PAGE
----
“The basic Medicare policy on repairs and maintenance is that if it’s a rental product, Medicare doesn’t pay it because it’s a series of continuing rental payments,” Bachenheimer says. “They just pay the rental fee and whatever has to be repaired or maintained during that rental period will be done because the supplier is getting payment. That’s why this oxygen policy is whole new territory because it is theoretically still a rental product because the patient doesn’t own it, but there’s no payment stream to sustain or support any level of service and maintenance.”

While most of the industry agrees that providers should retain ownership of these devices, the industry is balking over how providers can afford to maintain them. To date, CMS has yet to indicate what the reimbursement will be for service and maintenance.

“What we are worried about is if they maintain unrealistically low reimbursement for service and maintenance because essentially they think it’s not needed, that you’re going to have the exact same problem you’re going to face with service levels,” Kane says. “Some providers are simply going to throw up their hands and say, ‘I’m not being paid for this patient.’ ”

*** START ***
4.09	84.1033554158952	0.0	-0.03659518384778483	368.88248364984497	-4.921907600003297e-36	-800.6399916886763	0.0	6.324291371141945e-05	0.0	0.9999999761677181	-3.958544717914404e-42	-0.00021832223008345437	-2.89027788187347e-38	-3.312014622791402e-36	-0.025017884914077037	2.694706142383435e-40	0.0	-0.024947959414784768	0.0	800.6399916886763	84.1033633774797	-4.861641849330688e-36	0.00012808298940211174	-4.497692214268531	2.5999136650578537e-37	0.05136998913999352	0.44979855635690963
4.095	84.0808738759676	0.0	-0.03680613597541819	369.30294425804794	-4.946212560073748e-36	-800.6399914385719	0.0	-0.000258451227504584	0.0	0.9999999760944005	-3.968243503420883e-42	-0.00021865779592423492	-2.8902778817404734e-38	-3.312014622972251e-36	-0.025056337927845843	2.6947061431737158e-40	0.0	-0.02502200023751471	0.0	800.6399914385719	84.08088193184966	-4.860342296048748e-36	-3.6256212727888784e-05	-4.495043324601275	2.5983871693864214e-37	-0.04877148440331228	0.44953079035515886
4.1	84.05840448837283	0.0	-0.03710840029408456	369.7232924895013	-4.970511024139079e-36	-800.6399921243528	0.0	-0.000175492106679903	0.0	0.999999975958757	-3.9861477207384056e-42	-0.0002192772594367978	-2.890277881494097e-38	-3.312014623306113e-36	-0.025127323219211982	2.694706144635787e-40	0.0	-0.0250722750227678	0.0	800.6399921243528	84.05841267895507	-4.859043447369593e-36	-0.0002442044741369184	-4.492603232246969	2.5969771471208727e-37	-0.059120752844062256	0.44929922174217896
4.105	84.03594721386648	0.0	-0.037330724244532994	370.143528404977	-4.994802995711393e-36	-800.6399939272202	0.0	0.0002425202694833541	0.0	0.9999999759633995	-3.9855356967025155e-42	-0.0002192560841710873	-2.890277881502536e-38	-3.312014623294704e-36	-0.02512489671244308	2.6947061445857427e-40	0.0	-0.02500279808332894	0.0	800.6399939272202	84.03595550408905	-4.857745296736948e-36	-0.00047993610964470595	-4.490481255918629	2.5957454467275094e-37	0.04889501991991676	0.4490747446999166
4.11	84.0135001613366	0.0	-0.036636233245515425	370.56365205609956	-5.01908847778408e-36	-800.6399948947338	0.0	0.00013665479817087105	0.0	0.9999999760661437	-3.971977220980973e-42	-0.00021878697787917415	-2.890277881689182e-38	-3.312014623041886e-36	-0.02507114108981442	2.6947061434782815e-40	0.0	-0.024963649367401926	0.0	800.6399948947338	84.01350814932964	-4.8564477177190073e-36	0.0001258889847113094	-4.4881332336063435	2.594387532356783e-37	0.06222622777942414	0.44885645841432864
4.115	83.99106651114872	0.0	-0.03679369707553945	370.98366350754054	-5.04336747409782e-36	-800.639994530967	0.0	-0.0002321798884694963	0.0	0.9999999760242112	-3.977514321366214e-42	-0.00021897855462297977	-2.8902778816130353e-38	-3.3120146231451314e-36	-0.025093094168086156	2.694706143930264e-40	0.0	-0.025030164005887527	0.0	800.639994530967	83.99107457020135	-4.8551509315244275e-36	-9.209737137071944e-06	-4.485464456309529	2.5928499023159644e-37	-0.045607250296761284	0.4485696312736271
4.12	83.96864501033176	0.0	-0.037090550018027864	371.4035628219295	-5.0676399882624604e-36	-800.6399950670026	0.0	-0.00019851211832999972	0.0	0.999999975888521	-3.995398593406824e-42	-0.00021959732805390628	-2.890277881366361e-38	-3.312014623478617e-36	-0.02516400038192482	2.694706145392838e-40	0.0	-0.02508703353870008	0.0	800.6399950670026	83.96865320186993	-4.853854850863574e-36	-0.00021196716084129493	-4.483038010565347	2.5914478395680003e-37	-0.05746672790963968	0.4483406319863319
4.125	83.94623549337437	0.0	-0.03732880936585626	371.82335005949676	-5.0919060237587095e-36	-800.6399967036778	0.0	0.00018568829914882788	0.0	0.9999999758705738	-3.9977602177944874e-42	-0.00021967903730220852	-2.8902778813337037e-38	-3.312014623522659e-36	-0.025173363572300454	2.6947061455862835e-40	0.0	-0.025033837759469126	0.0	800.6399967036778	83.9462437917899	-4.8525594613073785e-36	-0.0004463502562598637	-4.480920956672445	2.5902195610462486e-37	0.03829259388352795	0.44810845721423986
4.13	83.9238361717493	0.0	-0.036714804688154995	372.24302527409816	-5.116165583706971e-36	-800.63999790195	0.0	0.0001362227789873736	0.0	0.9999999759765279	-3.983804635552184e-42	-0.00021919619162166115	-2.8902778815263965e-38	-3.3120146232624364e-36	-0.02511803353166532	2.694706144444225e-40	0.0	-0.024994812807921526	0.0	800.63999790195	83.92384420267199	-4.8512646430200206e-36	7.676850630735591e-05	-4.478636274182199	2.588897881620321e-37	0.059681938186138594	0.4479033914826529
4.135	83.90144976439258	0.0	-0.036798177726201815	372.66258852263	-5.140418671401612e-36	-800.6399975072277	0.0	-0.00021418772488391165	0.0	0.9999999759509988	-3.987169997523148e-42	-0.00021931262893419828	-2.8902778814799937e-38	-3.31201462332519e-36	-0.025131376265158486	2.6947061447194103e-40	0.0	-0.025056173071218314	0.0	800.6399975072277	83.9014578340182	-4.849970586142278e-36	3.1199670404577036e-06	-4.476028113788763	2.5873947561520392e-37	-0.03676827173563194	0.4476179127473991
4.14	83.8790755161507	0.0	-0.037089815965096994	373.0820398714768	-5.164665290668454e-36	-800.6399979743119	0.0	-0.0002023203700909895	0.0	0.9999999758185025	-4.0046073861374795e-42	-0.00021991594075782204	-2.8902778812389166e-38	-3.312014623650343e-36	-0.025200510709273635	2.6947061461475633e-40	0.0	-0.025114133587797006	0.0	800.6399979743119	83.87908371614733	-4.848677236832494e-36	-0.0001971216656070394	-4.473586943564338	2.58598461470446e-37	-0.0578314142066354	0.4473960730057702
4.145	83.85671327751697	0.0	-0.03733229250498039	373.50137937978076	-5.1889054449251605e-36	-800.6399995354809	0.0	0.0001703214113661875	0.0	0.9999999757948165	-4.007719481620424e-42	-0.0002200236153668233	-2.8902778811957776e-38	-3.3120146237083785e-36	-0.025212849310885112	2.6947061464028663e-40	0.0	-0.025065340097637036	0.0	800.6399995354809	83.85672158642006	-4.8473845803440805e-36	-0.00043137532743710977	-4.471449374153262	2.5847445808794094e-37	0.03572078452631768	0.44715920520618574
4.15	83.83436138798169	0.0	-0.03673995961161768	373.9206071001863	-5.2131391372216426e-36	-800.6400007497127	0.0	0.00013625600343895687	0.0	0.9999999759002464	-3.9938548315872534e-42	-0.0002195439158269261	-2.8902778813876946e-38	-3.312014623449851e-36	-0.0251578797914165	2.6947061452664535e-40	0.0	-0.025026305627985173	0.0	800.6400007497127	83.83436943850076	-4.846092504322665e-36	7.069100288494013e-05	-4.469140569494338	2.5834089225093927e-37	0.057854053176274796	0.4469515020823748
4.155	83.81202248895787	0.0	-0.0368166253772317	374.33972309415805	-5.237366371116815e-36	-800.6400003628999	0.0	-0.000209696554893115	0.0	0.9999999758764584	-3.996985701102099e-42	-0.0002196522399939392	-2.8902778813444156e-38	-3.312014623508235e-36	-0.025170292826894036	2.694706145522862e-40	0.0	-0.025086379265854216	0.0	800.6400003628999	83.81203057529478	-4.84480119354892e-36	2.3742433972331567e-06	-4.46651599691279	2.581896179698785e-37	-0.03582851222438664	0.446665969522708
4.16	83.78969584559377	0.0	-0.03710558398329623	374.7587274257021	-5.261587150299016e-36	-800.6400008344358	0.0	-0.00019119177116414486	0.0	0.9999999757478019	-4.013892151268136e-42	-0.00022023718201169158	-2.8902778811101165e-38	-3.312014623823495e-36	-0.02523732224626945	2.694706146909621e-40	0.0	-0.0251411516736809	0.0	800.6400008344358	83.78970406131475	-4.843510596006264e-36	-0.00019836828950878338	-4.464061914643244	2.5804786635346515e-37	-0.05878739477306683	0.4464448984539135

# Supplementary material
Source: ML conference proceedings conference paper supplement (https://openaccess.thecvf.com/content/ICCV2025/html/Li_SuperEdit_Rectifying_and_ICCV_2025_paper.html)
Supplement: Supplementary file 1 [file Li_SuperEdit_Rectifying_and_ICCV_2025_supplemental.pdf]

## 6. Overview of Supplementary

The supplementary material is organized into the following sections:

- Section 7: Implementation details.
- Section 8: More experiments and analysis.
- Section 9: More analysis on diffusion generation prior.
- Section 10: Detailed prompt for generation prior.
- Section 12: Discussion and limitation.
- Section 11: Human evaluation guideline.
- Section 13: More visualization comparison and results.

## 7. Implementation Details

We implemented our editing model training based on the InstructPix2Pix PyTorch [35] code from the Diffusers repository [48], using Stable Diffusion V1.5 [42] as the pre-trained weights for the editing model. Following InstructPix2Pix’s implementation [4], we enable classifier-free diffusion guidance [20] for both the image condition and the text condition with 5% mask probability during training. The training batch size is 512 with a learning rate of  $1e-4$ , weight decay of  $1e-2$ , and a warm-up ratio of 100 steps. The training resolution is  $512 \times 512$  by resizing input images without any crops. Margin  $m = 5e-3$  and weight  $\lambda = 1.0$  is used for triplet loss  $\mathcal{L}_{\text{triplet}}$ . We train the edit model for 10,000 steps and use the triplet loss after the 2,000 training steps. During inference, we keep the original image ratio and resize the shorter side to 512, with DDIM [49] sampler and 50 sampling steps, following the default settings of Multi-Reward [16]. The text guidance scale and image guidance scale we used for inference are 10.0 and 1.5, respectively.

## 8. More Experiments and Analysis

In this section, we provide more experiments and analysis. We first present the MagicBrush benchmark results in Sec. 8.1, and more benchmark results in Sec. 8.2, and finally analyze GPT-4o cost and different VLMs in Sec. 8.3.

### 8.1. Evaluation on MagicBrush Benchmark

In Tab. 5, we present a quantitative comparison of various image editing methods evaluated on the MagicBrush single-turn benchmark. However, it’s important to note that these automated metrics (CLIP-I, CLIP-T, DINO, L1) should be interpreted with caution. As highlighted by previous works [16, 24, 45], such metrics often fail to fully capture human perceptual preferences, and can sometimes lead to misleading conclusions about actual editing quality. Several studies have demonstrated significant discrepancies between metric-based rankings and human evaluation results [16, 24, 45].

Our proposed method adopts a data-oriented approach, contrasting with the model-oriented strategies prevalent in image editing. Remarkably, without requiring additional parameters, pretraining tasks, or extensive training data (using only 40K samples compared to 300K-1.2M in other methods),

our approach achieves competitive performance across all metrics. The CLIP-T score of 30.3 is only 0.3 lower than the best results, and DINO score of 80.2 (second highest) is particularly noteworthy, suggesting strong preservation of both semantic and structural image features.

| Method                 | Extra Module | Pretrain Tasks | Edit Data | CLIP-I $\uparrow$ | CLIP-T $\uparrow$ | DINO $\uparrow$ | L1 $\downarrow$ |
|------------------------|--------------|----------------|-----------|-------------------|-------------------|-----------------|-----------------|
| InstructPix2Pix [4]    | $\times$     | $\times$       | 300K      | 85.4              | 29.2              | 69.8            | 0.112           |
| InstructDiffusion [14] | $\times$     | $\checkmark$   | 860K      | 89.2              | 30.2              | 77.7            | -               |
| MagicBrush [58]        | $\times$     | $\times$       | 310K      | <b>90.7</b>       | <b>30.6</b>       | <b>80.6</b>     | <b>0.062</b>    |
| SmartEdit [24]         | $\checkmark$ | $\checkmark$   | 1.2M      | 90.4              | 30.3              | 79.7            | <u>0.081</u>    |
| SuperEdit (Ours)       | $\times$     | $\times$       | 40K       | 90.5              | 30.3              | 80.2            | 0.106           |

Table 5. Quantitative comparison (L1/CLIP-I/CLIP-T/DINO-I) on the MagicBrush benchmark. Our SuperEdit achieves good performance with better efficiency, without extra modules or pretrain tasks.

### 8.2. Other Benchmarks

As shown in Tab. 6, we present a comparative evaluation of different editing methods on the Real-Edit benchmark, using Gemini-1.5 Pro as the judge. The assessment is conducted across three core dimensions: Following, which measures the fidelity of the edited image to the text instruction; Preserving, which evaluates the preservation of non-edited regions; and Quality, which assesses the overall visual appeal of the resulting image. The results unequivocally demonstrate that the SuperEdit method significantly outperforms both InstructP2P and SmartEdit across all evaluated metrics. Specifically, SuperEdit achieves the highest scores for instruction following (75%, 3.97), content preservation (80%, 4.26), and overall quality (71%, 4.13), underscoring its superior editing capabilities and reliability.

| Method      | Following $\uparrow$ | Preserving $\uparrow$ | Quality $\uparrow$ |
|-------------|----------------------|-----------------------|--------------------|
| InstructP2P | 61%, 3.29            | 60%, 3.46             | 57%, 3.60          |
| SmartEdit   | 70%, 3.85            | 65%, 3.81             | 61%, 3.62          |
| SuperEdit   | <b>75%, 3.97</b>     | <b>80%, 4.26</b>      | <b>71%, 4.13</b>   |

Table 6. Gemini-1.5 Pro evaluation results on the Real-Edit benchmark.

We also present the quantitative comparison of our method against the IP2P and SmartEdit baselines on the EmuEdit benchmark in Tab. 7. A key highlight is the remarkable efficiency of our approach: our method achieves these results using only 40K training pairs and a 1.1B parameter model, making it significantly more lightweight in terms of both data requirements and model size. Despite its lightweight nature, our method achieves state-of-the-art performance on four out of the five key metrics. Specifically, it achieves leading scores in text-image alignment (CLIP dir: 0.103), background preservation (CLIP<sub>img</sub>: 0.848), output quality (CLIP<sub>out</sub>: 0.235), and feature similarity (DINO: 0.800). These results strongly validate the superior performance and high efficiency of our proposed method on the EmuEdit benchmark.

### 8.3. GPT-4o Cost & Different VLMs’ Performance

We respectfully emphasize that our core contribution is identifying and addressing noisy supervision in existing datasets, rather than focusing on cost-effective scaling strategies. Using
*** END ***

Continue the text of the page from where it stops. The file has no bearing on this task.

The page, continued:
Kane says he’s hoping CMS establishes a reasonable annual fee that’s equal to approximately one month’s rental at the current reimbursement rate per patient.

Industry in Action
In late August, AAHomecare submitted a list of nearly two dozen questions to CMS regarding the oxygen rental cap implementation. The questions focused on the specifics of billing, maintenance and service; contracts for emergency care after 36 months; backup equipment billing issues; reimbursement for traveling patients; and detailed documentation required to obtain new 36-month rental contracts.

On Sept. 29, the AAHomecare Regulatory Committee met with CMS staff in Baltimore for a listening session on industry concerns. CMS indicated that the agency is developing policy but could not provide a timeline.